(5) On January 18, 1972, deceased called plaintiff asking him to locate plaintiff's car and to bring to deceased certain papers which were at deceased's home. Plaintiff did this on January 19, 1972.

(6) On January 21, 1972 plaintiff entered the garage to correct an oil spill which had occurred in the garage, and attempted to enter the house. He found that the door had been secured with a chain.

*787 (7) On March 22, 1972, deceased died.

(8) Shortly after deceased's death, defendant was appointed executrix of the estate of deceased, and on or about April 1, 1972, she obtained possession of all of the contents of the safe deposit box including the bonds referred to in the instrument dated December 16, 1971.

(9) After the death of deceased, plaintiff opened the envelope which deceased had given to him, and for the first time learned its contents. Plaintiff was unable to obtain access to the safe deposit box because he did not have the key. He subsequently demanded the bonds from defendant and was refused.

(10) The bonds still remain in the custody of defendant as executrix.

Defendant contends that the transaction between deceased and plaintiff was not a valid testamentary act because it does not satisfy the requirements of 12 Delaware Code § 102. Plaintiff does not contend otherwise.

Plaintiff supports the validity of the transaction on the ground that it was either an executed gift or an inter vivos trust. Assuming requisite mental capacity, the owner of property may dispose of it during his lifetime by gift or by inter vivos trust. Hill v. Baker, Del.Super., 9 Terry 305, 102 A.2d 923 (1953). Because of the possibility of abuse which can result from the transfer of assets without consideration, certain formal requirements have been developed in order to effect a valid transfer by gift. If the requirements are not met, the transaction is not a valid gift. In order for a gift to be effective, the owner must have intended to make a gift and he must have made actual or constructive delivery of the subject matter of the gift. Ibid; Wilmington Trust Co. v. General Motors Corp., Del.Supr., 29 Del. 572, 51 A.2d 584 (1947).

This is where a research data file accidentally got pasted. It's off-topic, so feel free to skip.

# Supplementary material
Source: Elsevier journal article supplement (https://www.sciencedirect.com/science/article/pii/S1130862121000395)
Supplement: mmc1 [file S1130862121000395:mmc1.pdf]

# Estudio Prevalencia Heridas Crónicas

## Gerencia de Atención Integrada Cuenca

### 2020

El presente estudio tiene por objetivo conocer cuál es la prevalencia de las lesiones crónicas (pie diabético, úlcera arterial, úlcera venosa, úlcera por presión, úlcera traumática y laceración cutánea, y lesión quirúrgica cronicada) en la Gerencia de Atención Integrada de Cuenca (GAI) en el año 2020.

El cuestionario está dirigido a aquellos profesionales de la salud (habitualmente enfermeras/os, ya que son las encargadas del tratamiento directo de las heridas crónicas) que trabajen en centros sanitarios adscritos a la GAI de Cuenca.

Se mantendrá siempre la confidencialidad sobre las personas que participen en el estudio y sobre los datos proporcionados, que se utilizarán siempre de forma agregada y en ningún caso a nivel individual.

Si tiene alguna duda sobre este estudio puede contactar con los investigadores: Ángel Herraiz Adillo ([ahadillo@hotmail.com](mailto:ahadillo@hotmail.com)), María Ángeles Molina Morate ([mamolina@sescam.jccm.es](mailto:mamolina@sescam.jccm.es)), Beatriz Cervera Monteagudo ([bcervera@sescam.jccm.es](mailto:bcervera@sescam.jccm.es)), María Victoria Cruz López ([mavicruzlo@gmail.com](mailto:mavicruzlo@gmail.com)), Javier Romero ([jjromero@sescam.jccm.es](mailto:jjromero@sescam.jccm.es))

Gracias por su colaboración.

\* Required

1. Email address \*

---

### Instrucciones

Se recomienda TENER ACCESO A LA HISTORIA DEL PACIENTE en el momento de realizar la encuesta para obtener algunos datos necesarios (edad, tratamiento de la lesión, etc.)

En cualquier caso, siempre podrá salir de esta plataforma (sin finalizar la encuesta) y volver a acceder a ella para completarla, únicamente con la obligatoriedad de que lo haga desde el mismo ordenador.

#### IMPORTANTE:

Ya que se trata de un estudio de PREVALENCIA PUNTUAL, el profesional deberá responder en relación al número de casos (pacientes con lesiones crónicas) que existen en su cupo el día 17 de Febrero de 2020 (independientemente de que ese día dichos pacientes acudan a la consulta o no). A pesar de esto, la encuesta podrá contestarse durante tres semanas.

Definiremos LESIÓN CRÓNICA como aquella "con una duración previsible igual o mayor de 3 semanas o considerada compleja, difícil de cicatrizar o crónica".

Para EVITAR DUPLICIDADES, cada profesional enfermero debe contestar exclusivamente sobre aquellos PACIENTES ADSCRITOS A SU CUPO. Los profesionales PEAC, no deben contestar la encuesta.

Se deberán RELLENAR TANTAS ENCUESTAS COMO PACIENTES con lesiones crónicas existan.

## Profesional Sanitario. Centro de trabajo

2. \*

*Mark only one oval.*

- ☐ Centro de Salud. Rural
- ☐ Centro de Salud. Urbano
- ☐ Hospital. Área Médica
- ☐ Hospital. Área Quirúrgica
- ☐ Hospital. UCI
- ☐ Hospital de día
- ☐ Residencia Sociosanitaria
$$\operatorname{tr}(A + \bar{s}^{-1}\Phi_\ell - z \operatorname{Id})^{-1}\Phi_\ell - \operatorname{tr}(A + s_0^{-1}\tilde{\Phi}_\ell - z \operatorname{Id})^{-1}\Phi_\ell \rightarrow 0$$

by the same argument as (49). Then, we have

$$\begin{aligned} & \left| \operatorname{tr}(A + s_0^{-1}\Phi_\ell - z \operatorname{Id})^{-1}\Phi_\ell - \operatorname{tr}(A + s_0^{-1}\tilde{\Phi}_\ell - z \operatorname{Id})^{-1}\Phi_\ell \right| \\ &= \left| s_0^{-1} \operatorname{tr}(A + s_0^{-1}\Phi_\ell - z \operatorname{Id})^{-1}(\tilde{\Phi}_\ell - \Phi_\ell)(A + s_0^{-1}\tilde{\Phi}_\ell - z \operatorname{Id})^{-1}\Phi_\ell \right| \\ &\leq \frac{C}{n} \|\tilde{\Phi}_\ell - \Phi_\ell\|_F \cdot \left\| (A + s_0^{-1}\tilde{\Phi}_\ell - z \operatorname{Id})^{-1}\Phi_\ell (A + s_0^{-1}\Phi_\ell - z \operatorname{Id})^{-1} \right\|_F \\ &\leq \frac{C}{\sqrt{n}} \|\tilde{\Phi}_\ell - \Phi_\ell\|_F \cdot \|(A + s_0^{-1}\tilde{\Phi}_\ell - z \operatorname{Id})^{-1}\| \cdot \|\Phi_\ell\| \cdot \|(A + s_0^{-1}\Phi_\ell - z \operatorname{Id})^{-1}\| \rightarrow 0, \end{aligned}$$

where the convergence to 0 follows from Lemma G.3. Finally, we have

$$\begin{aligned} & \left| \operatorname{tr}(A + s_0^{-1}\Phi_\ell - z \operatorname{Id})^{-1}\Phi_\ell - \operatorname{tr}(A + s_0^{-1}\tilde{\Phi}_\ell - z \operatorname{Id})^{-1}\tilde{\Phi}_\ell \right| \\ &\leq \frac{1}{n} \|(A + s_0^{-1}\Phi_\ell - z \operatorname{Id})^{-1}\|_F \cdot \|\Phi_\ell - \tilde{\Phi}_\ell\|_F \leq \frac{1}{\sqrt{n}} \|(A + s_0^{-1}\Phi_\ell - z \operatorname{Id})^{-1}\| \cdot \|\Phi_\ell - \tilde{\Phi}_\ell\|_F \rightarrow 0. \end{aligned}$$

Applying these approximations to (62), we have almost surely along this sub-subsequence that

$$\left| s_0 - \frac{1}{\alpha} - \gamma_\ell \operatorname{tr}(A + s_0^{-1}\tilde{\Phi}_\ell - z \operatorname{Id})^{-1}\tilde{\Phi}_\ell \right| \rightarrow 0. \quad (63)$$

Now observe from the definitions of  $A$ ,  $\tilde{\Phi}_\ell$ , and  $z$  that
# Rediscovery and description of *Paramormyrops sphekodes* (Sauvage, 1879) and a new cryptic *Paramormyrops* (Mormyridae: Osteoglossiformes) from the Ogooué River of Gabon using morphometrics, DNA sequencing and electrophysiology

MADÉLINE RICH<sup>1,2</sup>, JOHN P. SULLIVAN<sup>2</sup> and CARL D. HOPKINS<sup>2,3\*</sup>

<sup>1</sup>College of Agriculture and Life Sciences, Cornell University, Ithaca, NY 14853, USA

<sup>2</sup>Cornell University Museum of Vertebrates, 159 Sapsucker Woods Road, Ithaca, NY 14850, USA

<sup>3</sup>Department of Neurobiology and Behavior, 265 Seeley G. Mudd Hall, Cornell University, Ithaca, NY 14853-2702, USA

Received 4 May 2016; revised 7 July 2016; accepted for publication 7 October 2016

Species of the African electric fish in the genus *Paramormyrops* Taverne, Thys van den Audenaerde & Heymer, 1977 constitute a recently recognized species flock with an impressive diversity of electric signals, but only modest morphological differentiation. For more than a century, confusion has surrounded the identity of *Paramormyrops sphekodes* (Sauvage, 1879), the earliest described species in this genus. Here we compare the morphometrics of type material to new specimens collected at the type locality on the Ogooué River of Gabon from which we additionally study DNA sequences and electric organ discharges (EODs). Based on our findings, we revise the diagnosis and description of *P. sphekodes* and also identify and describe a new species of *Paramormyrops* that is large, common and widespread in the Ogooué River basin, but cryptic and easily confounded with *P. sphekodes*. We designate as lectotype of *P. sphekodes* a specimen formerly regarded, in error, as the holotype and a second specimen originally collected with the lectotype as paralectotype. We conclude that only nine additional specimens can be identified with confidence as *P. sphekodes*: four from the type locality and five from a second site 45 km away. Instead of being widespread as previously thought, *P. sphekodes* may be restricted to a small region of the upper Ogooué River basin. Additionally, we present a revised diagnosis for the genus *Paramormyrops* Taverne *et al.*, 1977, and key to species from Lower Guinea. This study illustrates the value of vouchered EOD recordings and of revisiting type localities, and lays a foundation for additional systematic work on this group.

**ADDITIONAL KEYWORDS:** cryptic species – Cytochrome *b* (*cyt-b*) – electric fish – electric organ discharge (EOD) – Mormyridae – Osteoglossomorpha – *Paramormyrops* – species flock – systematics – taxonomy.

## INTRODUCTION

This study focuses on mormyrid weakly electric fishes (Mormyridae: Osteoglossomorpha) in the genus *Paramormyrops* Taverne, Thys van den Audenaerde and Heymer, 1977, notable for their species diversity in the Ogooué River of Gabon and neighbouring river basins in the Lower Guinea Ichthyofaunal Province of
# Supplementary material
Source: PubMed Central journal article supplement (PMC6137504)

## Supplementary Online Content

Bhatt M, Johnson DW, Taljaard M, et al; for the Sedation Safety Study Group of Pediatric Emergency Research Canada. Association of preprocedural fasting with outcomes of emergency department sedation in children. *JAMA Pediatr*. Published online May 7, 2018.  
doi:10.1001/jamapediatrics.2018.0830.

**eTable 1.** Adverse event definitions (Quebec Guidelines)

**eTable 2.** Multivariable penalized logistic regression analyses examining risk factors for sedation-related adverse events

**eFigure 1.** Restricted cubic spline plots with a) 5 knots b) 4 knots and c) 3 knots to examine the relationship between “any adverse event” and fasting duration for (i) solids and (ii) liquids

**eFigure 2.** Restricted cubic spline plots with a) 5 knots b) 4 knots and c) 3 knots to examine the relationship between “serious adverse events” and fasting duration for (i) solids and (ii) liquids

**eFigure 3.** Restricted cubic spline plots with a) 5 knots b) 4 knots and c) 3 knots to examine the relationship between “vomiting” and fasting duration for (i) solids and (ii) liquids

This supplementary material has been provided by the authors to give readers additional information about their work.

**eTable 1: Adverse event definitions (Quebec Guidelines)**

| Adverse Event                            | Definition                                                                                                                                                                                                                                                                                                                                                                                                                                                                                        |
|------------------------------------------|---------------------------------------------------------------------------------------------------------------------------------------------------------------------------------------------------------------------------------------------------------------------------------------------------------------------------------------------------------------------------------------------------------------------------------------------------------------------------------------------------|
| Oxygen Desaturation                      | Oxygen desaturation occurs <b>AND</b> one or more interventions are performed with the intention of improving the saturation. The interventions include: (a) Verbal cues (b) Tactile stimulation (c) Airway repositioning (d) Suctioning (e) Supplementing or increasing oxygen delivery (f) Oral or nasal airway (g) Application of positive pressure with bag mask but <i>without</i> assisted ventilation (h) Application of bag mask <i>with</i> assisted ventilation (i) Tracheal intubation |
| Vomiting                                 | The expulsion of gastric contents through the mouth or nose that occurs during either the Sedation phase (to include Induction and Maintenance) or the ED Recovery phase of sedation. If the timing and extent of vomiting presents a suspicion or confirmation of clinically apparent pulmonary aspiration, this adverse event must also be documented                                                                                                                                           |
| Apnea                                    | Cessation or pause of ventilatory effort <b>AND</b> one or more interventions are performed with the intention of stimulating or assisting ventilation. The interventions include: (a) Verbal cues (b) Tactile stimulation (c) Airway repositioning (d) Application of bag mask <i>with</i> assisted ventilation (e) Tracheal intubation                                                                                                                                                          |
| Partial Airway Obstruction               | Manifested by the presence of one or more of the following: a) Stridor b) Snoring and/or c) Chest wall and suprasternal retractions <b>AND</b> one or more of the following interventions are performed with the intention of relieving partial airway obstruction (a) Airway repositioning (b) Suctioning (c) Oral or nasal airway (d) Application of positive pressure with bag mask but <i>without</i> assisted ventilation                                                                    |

The delivery of the subject matter of the gift need not be simultaneous with the words by which the donor expresses his intent to make the gift. 38 Am.Jur.2d 823, Gifts § 21; 38 C.J.S. Gifts § 27, p. 806. However, delivery must occur during the donor's lifetime. Highfield v. Equitable Trust Co., Del.Super., 4 W.W.Harr. 500, 155 A. 724 (1931).

A donor may take irrevocable steps to transfer ownership to a donee even though he continues to hold the documentary proof of ownership. Hill v. Baker, supra. Thus, where the donor has a stock certificate issued in the name of the donee and takes no action inconsistent with donee's ownership of the stock, the gift will be considered effective even though the certificate is not delivered to the donee or is retained by the donor. Wilmington Trust Co. v. General Motors Corporation, supra.

It must appear that during his lifetime the donor relinquished in favor of the donee all present and future dominion and control over the gift property. 38 C. J.S. Gifts § 20, p. 799. Any further possession and control by the donor must be in recognition of the right of the donee, i. e., as agent or trustee or custodian for the donee. 38 C.J.S. Gifts § 26, p. 806. If the donor retains dominion and control of the property during his lifetime, so that the gift would take effect only upon the death of the donor, it must comply with the testamentary law if it is to be valid. 38 C.J. S. Gifts § 42, p. 821.